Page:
Nobody wants to keep switching the cassette from the bike to the trainer and back again. That’s why most of us buy an extra cassette for the trainer. But then there is the question of whether it has to be the same as the one you have on the bike.
You can use a different ratio cassette on the trainer and the bike. The only important thing is that they have the same number of speeds (sprockets) and that the largest cog is the same size or smaller than the largest cog of the cassette on the bike.
Using a cassette with different ratios allows you to cycle normally on a trainer, but you should be aware of a few traps that inexperienced cyclists often fall into.
Looking for the right cassette for your trainer? I suggest the 11-28 cassette, which you can find by clicking here.
Will a different cassette cause me problems?
Not so long ago, I replaced the cassette on my bike with a bigger one. A few months later, I started my indoor season, only to realize that I have a different cassette on a trainer than on a bike. I must admit that I wasn’t sure if it would cause me any problems, but I decided to do my ride anyway.
A good hour later, I had successfully completed the session and remembered that I should have paid attention to any irregularities caused by the cassette. But there were none. If there had been, I’m sure I would not have forgotten after a few minutes that I was using a different cassette from the one on the bike.
This proves that you can easily use cassettes with different ratios on a trainer and a bike, but the cassettes must be similar in three parameters:
- The number of speeds. The cassette on the bike and the cassette on the trainer must have the same sprockets (speeds). If you use an 11-speed cassette on your bike, you must also fit an 11-speed cassette on your trainer. Using a 10-speed or 12-speed cassette will cause problems as the derailleur setting is different, making the shifting non-functional.
- Size of the largest sprocket. Cassettes will differ mainly in the size of the largest sprocket (e.g. 11-28 vs. 11-30). The difference mustn’t be too great, otherwise, the derailleur cage may need to be replaced. It’s also important that the largest cassette sprocket on the trainer is the same size or smaller than the largest cassette sprocket on the bike.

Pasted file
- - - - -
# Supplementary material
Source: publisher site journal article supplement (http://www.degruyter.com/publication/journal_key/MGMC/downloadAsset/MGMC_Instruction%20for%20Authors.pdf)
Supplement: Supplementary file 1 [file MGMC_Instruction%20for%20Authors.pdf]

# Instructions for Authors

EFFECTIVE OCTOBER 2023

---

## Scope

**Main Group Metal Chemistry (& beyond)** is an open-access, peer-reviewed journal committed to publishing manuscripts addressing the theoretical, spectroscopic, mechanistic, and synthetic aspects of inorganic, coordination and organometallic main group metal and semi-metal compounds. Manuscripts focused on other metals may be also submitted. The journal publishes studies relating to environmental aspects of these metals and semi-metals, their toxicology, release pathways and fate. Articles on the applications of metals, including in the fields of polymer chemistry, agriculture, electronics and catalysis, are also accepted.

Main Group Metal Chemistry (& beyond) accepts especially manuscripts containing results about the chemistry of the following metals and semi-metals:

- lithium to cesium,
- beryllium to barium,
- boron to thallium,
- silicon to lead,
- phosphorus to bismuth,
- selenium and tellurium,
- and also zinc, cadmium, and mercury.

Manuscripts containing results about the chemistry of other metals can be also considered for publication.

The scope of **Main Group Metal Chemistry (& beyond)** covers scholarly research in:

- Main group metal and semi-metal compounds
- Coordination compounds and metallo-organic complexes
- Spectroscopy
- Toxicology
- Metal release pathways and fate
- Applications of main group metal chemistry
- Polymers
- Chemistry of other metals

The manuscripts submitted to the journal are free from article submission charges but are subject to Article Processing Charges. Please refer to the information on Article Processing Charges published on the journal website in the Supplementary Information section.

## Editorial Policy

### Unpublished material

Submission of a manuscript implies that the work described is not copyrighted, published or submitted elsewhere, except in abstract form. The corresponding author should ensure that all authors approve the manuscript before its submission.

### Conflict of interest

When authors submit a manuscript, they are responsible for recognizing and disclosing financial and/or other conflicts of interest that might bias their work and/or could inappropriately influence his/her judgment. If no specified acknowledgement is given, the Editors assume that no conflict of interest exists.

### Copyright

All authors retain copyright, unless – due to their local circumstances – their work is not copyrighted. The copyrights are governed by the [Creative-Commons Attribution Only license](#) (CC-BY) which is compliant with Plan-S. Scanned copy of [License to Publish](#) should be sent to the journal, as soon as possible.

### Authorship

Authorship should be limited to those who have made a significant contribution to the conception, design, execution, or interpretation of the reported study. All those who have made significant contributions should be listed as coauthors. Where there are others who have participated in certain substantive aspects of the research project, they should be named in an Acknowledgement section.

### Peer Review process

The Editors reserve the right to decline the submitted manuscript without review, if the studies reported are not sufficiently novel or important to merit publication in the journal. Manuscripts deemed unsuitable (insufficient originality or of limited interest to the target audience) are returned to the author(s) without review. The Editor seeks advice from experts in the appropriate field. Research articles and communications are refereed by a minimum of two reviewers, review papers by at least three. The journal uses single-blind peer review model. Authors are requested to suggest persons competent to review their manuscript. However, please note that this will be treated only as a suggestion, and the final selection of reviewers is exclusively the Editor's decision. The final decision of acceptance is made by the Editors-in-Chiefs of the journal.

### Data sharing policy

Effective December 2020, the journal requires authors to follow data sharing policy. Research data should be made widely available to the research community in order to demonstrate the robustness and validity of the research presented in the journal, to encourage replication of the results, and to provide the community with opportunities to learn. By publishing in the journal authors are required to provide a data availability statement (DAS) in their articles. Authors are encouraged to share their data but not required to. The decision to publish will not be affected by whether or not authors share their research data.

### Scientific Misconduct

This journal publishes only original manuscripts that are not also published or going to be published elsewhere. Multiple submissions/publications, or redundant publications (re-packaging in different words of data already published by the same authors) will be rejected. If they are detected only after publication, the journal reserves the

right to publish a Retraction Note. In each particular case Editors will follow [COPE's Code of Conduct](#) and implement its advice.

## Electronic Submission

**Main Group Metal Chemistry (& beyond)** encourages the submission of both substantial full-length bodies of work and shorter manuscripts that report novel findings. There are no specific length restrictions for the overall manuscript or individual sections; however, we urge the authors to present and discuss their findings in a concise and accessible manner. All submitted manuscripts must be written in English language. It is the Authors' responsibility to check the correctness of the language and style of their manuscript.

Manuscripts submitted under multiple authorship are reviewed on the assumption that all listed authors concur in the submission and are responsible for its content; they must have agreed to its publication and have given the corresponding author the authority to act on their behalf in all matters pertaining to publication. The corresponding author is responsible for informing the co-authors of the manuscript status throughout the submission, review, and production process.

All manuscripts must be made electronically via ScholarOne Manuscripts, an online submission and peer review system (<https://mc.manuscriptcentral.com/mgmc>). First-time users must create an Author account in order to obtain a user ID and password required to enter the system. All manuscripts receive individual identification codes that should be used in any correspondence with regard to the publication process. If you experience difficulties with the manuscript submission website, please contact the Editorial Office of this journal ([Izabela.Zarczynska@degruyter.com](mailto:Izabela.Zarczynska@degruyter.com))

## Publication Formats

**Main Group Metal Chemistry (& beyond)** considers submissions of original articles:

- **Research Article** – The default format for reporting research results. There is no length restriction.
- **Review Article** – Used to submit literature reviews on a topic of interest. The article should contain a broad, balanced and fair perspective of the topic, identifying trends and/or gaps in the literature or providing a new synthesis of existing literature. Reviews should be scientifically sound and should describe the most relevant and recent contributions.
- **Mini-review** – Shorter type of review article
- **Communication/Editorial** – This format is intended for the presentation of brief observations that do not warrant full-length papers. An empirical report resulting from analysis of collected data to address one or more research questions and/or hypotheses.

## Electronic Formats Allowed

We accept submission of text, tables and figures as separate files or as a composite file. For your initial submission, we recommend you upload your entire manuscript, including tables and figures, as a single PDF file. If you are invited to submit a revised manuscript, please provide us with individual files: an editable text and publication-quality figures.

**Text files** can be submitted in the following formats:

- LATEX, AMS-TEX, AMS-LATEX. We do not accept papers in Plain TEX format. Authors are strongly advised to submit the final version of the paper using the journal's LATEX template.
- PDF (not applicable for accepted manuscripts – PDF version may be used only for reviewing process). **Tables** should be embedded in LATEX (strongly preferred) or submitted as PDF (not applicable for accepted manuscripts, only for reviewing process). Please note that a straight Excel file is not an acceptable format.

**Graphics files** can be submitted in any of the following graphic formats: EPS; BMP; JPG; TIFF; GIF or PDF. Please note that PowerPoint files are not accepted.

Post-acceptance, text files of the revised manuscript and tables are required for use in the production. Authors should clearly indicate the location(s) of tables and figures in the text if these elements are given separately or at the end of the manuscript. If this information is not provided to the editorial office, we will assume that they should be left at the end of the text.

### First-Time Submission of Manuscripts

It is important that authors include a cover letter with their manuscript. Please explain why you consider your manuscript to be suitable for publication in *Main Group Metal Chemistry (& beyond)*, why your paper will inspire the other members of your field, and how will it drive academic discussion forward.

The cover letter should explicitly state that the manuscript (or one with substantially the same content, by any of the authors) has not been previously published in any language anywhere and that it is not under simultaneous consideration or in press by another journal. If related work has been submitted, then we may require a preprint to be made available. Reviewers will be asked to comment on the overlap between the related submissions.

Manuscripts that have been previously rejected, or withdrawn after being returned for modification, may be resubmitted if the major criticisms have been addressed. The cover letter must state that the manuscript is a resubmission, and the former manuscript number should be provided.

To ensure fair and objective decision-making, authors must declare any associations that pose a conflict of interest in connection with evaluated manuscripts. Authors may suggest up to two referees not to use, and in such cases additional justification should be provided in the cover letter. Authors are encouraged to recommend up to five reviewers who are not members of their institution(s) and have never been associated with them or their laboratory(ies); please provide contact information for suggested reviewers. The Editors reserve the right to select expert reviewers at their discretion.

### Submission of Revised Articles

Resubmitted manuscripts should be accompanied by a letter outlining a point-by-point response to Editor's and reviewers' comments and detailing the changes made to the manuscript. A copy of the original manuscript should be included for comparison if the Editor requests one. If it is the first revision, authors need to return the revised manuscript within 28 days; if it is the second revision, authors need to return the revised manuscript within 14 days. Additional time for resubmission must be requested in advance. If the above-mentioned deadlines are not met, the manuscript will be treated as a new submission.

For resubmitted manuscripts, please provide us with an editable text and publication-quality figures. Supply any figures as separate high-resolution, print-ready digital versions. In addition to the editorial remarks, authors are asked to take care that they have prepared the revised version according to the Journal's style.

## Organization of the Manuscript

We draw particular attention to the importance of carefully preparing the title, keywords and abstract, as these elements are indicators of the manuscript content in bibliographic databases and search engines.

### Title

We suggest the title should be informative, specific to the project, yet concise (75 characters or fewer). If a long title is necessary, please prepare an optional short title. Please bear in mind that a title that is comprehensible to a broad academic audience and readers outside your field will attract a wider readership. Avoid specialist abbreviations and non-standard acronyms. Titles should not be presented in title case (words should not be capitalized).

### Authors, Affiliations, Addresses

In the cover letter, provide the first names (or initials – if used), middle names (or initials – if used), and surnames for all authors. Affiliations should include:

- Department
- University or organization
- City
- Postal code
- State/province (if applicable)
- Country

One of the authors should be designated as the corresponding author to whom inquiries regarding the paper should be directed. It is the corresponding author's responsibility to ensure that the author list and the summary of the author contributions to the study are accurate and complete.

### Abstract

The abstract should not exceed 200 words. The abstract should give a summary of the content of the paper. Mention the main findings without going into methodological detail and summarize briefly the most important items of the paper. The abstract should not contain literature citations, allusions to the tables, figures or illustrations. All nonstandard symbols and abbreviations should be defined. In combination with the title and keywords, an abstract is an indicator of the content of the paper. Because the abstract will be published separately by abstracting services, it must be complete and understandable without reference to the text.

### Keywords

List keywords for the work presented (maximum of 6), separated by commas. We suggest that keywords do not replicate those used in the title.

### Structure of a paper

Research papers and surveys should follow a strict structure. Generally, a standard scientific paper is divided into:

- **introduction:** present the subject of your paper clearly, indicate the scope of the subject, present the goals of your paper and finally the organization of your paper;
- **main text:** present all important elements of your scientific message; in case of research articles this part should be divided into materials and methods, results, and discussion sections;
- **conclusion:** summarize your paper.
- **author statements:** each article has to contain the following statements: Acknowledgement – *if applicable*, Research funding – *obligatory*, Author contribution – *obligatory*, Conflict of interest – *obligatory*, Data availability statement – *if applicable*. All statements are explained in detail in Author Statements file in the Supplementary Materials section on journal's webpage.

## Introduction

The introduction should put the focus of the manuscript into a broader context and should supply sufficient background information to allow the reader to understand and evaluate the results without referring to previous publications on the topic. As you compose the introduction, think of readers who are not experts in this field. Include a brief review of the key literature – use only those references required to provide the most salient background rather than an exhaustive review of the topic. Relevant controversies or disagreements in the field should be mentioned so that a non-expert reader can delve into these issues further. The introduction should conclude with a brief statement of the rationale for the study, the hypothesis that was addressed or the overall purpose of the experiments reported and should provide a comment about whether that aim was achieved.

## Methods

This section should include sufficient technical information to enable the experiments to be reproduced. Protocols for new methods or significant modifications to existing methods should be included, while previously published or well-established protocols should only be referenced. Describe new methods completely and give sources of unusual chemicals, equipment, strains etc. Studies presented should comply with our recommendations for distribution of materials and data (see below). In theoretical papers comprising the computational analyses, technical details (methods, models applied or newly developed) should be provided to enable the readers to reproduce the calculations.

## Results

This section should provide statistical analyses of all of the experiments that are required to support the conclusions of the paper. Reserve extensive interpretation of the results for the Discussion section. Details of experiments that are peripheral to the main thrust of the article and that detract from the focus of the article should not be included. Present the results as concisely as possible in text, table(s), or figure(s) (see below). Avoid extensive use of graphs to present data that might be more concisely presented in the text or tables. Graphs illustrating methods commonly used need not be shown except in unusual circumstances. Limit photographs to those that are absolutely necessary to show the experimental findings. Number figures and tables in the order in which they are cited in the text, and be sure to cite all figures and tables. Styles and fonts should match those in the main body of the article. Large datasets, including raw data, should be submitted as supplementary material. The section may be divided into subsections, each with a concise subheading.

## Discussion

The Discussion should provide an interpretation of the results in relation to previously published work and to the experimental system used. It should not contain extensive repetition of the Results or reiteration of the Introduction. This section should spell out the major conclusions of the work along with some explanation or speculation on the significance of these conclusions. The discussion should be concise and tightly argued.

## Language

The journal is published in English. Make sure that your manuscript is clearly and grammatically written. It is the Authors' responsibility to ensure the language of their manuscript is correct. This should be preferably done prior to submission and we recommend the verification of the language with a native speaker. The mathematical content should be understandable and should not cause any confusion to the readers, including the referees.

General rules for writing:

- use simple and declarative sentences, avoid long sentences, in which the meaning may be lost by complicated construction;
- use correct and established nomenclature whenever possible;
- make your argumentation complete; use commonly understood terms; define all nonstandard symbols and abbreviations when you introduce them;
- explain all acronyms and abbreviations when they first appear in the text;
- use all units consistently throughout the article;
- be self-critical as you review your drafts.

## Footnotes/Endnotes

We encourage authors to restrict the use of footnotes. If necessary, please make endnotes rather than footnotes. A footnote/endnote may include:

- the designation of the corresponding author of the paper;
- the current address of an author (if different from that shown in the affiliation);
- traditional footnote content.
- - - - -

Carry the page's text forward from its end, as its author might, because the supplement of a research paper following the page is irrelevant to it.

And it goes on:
- Manufacturer. Most cassettes are compatible with other manufacturers’ drivetrains, but unfortunately, not all of them. When choosing a cassette for your trainer, you should pay attention to the manufacturer of the cassette (Shimano, SRAM, Campagnolo…) and make sure that it is compatible with the drivetrain on the bike. I recommend you buy a cassette from the same manufacturer as the one you have on your bike.
If all three requirements are met, the different cassette ratios will not be a problem. The rear derailleur, which is the source of the problem when the wrong cassette is selected, works smoothly as long as the size of the cassette matches the length of the cage installed.
Will I have to adjust the derailleur if I use a different cassette?
The biggest fear cyclists have when using a cassette with a different ratio on a trainer is that they would need to readjust the derailleur over and over again.
This fear is completely unnecessary.
There are only two cases where a derailleur adjustment would be necessary. Most people avoid them without even paying attention to them. Nevertheless, it is good to know them, so you can avoid buying the wrong cassette.
The rear derailleur should only be adjusted when the number of speeds is different or when the difference in the size of the largest sprocket is too significant. In both cases, you would need to replace some parts of the derailleur, which would add unnecessary expense.
So make sure you buy the right cassette and you won’t need any derailleur adjustments. However, you will need to calibrate the trainer each time you use a different cassette. If you want to know more about calibration and when it is needed, read the article I wrote.
What is the maximum difference in cassette size?
Before you buy a new cassette and install it on a trainer, it’s good to know what difference you can afford from the cassette on your bike.
Ideally, you would use precisely the same size cassette as you use on your bike. That way, you will avoid any problems, as the derailleur is set up precisely for that size cassette.
However, I understand that indoor cycling differs from riding outside, which is also reflected in using a different cassette.
Ideally, you would use precisely the same size cassette as you use on your bike.